The Historical Approach is Surreal at Times
The wealth of archival footage (reportedly sifted from a stockpile of two-thousand hours), the amount of historic artistic landmarks Jones was a part of, and present at, throughout his life, the staggering number of iconic careers to which he contributed, helped launch, or somehow collaborated with, and the musical eras and genres he touched and imprinted himself on – all of that feels almost mythical, and shows unparalleled eclecticism and adaptability. And all of that is neatly and succinctly laid out chronologically in this documentary, inseparably from American history itself, inseparably from the history of American musical evolution and innovation, and inseparably from the history of American racism.
Two time-lines are on display throughout Quincy: Jones’ life as whole, and the six-year span (sifted from eight-hundred hours of footage) during which cameras followed him around for the making of this documentary. Those two time-lines alternate constantly. The fact that his daughter Rashida is half of the creative force in this documentary, and a reoccurring on-screen presence in father-daughter interactions, organically eases the viewing of this film into a privileged insight into Quincy Jones the man. Often surrounded throughout the film by his daughters and son, who unequivocally adore him, Jones comes across as a man who, for all his accomplishments, has remained humble, and who can rival his success as an artist with his magnanimous humanity.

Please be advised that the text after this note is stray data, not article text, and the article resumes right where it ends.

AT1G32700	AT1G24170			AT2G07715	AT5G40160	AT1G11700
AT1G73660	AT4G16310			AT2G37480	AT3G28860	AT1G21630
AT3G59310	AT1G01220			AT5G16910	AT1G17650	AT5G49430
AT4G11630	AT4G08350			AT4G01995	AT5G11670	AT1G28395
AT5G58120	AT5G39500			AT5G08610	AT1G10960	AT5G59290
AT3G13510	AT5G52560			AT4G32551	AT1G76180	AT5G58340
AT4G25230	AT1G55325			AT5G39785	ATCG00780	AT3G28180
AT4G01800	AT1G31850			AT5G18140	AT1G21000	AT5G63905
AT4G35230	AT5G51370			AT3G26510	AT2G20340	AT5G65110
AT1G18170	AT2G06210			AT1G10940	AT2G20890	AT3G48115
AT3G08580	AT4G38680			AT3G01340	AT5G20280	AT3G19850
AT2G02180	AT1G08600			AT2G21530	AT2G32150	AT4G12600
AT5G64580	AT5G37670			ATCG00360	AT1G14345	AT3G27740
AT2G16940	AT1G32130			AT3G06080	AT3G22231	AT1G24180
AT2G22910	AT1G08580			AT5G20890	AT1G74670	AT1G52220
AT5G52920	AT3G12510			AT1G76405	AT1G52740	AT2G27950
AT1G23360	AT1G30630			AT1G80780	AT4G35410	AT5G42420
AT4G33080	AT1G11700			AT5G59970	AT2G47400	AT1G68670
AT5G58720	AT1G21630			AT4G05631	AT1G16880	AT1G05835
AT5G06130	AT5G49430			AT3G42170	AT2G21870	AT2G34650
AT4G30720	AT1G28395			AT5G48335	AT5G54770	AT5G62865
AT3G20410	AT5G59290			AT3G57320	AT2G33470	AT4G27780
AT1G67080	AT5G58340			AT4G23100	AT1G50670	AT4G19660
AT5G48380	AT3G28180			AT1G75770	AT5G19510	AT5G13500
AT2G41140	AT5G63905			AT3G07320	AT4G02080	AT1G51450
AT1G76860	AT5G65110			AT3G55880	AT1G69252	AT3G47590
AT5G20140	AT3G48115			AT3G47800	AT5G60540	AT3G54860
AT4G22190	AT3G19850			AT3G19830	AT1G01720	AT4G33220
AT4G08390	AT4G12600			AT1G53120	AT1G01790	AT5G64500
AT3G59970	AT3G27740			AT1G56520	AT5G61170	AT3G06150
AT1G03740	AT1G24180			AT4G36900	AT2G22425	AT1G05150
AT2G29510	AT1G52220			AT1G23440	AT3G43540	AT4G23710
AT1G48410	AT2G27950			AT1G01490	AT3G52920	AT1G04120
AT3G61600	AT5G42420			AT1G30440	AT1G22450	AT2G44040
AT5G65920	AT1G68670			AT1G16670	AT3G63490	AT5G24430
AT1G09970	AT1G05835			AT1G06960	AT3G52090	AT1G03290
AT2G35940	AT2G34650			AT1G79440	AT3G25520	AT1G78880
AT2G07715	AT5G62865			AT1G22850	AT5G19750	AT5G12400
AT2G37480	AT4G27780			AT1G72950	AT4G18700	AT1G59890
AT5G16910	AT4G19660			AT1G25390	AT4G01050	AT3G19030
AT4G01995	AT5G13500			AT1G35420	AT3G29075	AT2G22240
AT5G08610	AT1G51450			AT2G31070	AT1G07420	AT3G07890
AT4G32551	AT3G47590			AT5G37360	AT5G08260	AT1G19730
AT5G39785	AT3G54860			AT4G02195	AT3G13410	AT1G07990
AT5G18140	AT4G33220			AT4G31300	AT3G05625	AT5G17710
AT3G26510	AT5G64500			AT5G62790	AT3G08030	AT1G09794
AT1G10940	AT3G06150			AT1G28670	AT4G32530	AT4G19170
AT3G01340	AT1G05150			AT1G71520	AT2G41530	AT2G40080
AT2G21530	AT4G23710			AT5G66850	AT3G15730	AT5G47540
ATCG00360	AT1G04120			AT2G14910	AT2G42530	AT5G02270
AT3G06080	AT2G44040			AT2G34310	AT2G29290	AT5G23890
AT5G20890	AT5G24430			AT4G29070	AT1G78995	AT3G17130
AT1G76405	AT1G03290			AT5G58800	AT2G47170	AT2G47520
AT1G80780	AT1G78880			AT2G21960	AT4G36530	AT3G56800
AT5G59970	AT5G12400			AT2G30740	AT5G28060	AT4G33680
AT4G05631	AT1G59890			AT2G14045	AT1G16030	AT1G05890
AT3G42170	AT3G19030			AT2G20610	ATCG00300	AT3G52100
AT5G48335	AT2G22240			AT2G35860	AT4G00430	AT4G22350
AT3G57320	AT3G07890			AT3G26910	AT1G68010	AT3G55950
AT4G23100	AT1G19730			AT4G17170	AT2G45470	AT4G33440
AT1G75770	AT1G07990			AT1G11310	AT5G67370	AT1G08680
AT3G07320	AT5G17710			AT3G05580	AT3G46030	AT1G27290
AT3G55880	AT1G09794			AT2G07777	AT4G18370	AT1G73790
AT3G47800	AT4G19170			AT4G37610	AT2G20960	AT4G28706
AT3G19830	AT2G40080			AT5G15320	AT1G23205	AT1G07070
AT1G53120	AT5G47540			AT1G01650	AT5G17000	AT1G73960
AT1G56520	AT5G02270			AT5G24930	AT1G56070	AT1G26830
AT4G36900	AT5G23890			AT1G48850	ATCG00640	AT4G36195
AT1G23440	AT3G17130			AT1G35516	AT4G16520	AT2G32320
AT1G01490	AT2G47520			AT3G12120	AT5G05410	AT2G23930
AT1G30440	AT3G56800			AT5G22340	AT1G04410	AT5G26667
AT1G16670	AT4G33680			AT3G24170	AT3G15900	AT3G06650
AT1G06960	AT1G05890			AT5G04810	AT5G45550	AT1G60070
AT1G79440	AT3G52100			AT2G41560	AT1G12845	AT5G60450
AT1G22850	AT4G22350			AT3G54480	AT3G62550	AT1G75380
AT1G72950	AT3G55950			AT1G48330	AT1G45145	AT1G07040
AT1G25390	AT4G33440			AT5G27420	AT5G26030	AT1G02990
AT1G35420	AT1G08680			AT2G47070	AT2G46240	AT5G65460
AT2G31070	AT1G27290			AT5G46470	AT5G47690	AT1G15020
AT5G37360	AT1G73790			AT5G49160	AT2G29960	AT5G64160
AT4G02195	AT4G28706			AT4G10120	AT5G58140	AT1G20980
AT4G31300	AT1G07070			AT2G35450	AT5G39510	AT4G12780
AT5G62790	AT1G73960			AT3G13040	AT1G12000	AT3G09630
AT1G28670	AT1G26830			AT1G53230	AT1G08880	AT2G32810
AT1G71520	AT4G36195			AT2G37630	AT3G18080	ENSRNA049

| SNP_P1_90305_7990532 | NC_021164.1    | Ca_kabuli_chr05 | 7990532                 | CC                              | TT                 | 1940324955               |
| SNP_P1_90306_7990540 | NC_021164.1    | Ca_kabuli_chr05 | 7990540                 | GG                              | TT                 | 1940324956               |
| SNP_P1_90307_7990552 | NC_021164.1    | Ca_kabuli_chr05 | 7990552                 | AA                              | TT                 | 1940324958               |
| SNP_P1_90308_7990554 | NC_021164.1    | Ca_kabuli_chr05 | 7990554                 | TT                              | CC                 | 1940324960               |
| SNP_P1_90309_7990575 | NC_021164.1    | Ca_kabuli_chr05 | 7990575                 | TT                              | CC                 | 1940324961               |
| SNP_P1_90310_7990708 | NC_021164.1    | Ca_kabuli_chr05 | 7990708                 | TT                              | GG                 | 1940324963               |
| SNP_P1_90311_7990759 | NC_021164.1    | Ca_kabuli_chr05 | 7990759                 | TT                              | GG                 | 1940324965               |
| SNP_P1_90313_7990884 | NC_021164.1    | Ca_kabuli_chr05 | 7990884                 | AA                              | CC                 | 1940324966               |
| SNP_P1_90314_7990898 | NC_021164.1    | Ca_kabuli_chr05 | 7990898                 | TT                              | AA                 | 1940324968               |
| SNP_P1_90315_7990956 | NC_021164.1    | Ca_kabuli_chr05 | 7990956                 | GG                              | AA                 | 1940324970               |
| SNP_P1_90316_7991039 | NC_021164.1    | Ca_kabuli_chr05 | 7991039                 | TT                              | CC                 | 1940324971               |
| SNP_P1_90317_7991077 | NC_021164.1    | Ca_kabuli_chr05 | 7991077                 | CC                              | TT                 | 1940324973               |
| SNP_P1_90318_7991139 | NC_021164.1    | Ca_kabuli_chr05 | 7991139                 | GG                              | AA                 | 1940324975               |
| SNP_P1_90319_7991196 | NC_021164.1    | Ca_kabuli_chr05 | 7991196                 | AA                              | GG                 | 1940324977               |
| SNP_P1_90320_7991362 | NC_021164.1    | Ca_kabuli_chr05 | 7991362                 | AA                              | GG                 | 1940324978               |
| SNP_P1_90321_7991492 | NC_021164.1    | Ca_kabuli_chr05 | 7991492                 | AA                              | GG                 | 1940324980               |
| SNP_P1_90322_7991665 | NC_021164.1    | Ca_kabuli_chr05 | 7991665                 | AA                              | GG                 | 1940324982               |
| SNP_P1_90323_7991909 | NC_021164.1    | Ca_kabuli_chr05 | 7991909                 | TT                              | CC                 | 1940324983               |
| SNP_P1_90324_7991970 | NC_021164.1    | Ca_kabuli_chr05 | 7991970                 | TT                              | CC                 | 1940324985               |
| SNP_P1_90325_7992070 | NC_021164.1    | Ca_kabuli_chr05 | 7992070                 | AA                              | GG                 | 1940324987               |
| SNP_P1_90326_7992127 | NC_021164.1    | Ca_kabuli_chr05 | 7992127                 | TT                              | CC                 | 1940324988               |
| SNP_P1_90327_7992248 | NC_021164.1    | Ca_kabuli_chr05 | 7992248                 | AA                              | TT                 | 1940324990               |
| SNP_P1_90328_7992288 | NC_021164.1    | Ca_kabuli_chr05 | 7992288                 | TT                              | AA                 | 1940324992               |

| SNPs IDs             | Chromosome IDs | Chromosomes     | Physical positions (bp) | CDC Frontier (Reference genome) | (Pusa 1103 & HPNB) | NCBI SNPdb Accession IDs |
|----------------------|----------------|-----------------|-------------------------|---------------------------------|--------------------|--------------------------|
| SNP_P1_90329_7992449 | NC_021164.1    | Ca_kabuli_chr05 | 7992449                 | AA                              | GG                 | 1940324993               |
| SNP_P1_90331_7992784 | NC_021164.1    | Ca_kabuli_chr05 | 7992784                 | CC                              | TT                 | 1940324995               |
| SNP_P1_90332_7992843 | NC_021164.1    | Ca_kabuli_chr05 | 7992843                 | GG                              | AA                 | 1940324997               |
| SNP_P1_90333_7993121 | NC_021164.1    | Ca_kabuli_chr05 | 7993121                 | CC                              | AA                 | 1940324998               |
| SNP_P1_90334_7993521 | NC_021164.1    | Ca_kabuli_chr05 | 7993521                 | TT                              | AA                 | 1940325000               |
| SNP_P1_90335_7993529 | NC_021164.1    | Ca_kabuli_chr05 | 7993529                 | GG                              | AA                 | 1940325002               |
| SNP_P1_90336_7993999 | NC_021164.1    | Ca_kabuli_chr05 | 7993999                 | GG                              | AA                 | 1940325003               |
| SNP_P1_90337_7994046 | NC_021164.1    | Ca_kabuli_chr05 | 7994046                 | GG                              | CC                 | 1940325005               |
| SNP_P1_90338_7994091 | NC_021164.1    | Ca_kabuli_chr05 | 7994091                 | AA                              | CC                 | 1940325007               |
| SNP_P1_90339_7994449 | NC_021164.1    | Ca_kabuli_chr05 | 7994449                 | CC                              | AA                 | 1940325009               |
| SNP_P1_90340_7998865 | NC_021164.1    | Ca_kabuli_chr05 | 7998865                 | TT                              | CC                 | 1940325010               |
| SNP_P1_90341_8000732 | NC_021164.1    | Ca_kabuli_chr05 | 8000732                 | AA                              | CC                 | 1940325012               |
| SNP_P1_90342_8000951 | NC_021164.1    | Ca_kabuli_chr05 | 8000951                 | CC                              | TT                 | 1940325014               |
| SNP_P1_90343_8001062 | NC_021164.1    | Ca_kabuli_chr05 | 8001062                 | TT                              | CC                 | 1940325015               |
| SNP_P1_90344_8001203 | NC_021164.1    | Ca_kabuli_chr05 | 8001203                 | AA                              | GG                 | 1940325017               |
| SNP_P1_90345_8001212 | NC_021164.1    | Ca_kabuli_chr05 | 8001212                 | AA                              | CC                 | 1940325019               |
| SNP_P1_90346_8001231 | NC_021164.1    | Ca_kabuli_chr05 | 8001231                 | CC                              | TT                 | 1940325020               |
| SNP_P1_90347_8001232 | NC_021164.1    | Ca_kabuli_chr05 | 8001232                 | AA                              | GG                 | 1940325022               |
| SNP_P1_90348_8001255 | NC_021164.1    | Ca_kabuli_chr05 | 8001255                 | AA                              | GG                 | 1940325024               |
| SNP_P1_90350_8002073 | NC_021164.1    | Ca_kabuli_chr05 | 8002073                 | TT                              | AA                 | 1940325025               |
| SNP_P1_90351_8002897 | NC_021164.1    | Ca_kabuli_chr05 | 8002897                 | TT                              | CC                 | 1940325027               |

On occasions narrated by Jones himself, sometimes in the form of present day reflections, other times with the aid of decades-old audio used as a voice-over, the personal story arc is as intense and as compelling as that of the artist. There is the childhood in 1930’s violent Chicago’s South Side, during the Great Depression, the family dynamic of a workaholic father and a schizophrenic mother, touring the country as a jazz musician in 1950’s racially segregated America, the brain aneurysm in 1974, the four-day diabetic coma in 2015. And, through it all, one can’t help but to be in awe of Jones’ unrelenting drive, avid curiosity, constant self-reevaluation and evolution, and ever-expanding range.
In the end, as a documentary, Quincy ends up being a life force on its own. As if contaminated by the greatness of the man they aimed to portray, Alan Hicks and Rashida Jones seem to have symbiotically conspired with Jones’ life story to somehow allow it to tell itself. Quincy is concise against all odds, and yet it still finds a way to be stylish and majestic. In a way, for all the hard work that was obviously put into this, the biggest compliment that can be given to Rashida Jones and Alan Hicks is that they somehow managed to get out-of-the-way. Bravo.